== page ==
Diary

Enemies out of Friends


Let me just ask the question, right at the get-go:  Why is the U.S. is so intent on making enemies out of international friends?  Are we so short-sighted that we cannot see we are creating enemies our grandchildren’s grandchildren will have to deal with? 

 

hawijah

Scene of a devastating Coalition strike at Hawijah, Iraq on June 3rd 2015 which reportedly killed up to 70 civilians.

Whenever a military munition goes off there are always identifiable bits that remain.  In a battlefield you always know who you’re enemy is.  The traces are everywhere, along with the bodies of your friends and family.  

Whenever a U.S. bomber crosses the sky, or a U.S. tank or HumVee roll across the terrain is there any question about where it came from?  Unless we were to wipe the entire population of a war torn region off the map there are always going to be survivors who remember who it was who laid waste to their country, their homeland, their family, their economy, their lifestyle. Those memories are not easily forgotten.  

Actually, if you look at the news from a week or a month ago, if you see headlines about the Albanian genocide, or Ethnic cleansing in Boznia, or any of literally a hundred or more ethnic centered mass extinctions you’ll realize that the offenses inflicted on groups of people are not forgotten.  The malice and hatred felt by those being oppressed and anihilated lasts for 50 years, 100 years ago, 200 years or more.  Certainly the antagonism between Arab and Jew which goes back 2000 years makes the point as well.  

Whenever man chooses to go to war instead of finding a peaceable solution to his arguments it is guaranteed generated during that conflict will arise again at some later date. 

Politicians have ways of making populations believe that war is the only solution.  You have heard the arguments yourself.  We just have to have the oil that lies under in the ground of those other nations.  We just have  to protect democracy by intervening in other nations’ affairs.  But each and every time we do so we create lasting enemies who will not be easily neutralized or re-friended.  We have a unique situation in being so far removed from other military powers — separated from our major enemies by two oceans.  But in the 21st Century, and with guerrilla tactics an ocean is not nearly as secure a safety buffer as we thought at the beginning of WW I.  And the global economy means that warfare against corporations or by corporations clouds the lines of loyalty.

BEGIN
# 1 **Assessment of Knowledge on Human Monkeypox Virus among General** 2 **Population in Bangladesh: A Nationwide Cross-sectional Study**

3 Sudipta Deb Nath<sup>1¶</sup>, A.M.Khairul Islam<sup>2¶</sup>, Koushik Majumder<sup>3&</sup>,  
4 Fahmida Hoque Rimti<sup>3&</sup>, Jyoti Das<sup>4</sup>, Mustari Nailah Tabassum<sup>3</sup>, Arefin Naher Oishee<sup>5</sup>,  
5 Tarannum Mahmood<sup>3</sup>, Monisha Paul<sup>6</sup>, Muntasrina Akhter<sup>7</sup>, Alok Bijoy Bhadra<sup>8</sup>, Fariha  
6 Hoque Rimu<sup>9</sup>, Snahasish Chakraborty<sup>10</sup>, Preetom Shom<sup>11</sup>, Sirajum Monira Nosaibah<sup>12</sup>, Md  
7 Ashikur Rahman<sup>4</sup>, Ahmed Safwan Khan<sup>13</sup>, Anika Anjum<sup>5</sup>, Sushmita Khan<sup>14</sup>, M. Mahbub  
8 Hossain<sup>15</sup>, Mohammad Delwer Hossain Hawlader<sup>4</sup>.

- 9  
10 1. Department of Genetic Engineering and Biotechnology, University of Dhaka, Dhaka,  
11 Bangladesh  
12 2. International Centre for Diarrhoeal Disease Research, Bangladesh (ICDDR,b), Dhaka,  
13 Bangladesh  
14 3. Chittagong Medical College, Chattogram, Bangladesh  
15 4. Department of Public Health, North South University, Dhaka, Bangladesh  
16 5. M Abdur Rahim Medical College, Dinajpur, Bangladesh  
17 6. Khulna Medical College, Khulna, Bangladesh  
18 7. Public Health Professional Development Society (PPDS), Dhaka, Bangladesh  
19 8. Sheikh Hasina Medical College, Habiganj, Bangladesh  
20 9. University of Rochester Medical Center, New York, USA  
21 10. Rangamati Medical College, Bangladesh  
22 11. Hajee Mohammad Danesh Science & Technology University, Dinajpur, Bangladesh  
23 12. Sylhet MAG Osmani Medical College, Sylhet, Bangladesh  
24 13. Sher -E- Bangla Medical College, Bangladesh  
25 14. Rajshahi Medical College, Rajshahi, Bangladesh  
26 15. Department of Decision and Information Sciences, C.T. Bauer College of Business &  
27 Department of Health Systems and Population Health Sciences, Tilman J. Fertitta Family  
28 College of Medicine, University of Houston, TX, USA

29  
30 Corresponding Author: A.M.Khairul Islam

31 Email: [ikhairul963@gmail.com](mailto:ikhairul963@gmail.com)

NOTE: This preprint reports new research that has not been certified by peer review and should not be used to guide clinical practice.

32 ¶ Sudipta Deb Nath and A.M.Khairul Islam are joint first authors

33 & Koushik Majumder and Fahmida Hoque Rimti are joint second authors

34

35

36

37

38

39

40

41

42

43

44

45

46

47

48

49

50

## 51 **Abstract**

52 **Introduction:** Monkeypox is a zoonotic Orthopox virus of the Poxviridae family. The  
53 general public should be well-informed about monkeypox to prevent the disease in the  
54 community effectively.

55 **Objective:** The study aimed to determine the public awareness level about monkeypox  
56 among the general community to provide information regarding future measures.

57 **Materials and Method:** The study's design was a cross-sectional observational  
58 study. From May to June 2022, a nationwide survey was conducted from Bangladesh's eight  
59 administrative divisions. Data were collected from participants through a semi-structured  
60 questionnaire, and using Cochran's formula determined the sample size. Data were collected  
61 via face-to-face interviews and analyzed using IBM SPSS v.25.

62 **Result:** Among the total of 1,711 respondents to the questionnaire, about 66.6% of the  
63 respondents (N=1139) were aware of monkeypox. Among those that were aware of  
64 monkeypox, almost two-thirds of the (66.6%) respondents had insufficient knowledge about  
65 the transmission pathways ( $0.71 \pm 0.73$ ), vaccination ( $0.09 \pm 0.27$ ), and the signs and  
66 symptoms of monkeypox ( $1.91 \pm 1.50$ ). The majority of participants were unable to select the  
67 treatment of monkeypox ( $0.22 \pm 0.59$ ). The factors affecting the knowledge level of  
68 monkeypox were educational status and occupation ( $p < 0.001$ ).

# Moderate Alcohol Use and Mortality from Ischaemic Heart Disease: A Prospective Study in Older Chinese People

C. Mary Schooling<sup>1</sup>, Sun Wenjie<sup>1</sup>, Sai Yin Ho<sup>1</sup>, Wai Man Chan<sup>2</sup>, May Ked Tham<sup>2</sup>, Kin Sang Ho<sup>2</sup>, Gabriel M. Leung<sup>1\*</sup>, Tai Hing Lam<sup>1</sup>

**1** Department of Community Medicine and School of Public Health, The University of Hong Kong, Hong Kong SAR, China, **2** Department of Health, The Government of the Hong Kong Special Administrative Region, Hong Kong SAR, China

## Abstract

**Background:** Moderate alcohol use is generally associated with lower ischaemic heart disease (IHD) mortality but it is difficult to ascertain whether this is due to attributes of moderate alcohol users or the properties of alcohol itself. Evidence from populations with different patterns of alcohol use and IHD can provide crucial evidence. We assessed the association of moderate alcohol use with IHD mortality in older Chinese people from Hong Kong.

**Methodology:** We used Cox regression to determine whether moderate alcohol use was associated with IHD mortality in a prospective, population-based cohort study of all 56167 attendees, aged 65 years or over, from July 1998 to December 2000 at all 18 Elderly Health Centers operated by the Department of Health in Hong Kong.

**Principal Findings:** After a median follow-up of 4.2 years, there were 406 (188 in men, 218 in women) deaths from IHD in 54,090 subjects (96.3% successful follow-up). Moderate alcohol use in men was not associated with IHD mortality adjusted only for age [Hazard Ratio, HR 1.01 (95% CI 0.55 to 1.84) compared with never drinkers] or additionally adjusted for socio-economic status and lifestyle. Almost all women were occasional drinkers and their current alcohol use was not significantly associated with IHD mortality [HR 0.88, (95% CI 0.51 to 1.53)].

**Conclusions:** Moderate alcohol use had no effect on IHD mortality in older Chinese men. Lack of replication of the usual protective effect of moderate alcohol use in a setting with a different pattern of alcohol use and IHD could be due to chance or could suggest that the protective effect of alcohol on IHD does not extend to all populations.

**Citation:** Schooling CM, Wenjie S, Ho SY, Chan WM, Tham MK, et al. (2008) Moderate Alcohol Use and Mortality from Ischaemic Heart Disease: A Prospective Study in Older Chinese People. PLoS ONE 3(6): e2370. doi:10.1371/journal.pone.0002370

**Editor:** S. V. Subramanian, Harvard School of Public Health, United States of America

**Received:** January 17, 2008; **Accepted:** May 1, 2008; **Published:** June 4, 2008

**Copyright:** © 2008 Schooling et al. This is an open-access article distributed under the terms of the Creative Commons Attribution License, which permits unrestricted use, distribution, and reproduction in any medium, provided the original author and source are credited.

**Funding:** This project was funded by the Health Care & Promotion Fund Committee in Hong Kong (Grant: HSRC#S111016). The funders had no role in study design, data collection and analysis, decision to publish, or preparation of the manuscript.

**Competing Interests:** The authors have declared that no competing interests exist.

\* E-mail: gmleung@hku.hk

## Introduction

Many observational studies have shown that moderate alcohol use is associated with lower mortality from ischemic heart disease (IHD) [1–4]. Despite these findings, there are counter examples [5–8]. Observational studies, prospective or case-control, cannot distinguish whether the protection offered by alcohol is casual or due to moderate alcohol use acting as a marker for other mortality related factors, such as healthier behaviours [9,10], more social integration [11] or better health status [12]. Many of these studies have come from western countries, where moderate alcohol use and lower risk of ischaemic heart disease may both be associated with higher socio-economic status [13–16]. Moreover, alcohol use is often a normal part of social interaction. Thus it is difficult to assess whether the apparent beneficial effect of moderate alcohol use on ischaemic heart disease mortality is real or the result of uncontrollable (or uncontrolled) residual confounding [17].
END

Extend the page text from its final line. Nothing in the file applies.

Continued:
I have been noticing that over the past few years TV and movies have changed.  When I was young it used to be the Blacks and the Hispanics who were always the bad guys in dramatic fiction.  Increasingly today I see that Muslims and Arabs are taking their place as the workers of evil.  It’s as though Hollywood has bought Washington’s propaganda and has decided to sell the metaphorical “company line.”  Our young men and women are overseas dying while “keeping the peace” and “making the world safe for democracy” and it’s important to demonize the enemy to make it easier to hate them and to kill them.

It has long been a military training tactic to dehumanize the enemy.  Soldiers don’t like to kill people just like themselves.  There’s something, you see, about killing a human that makes other humans not keen on doing it. But if you’ve been taught and indoctrinated with ideas that the enemy is less “human” than you are it’s not as hard.  If you’ve accepted the idea that they do terrible things then it’s easier to ignore the terrible thing that you are being asked to do when the sergeant, or captain, or admiral, or President tell you those people need to die. 

All the while we are stoking up the war machine we are leaving behind wreckage. Lost lives; shattered families; deaths, injuries, incapacitations that pock the surface of foreign cultures and refuse to be erased, or softened, or mollified.  

Here in the U.S. we’ve never had a foreign power come stomping through our backyard, leaving bullet holes in concrete walls, and bomb craters in our streets.  Other countries are not so fortunate. The one of the most tourist-visited places on earth, the city of Paris it’s not all that hard to find buildings still bearing the evidence of WWI and WWII in their exteriors — brutal reminders of the reality that just because a war is over does not mean that everything goes back to being like it was before the trouble.

I doubt there’s any way to stop the demonization of Muslims and Arabs in this country.  I don’t blame it all on d. trump. This country has been making enemies for a lot longer than he’s been in office; and both political parties have skin in this game.  No one is innocent.  The military have their reasons for wanting it so. Corporations have their reasons for wanting it so.  A few voices raised over issues of human rights and equality aren’t going to change much.  

The thing is, however, that after we have demonized a people, how do we once again see them as just like us?  How do we once again welcome them to a conference table where they are given a listening ear and a sympathetic heart.  It just doesn’t happen. 

We need to think about what’s happening around us.  We need to be aware.

Maybe some day enough of us will reach a point where just knowing about it isn’t enough. 

 

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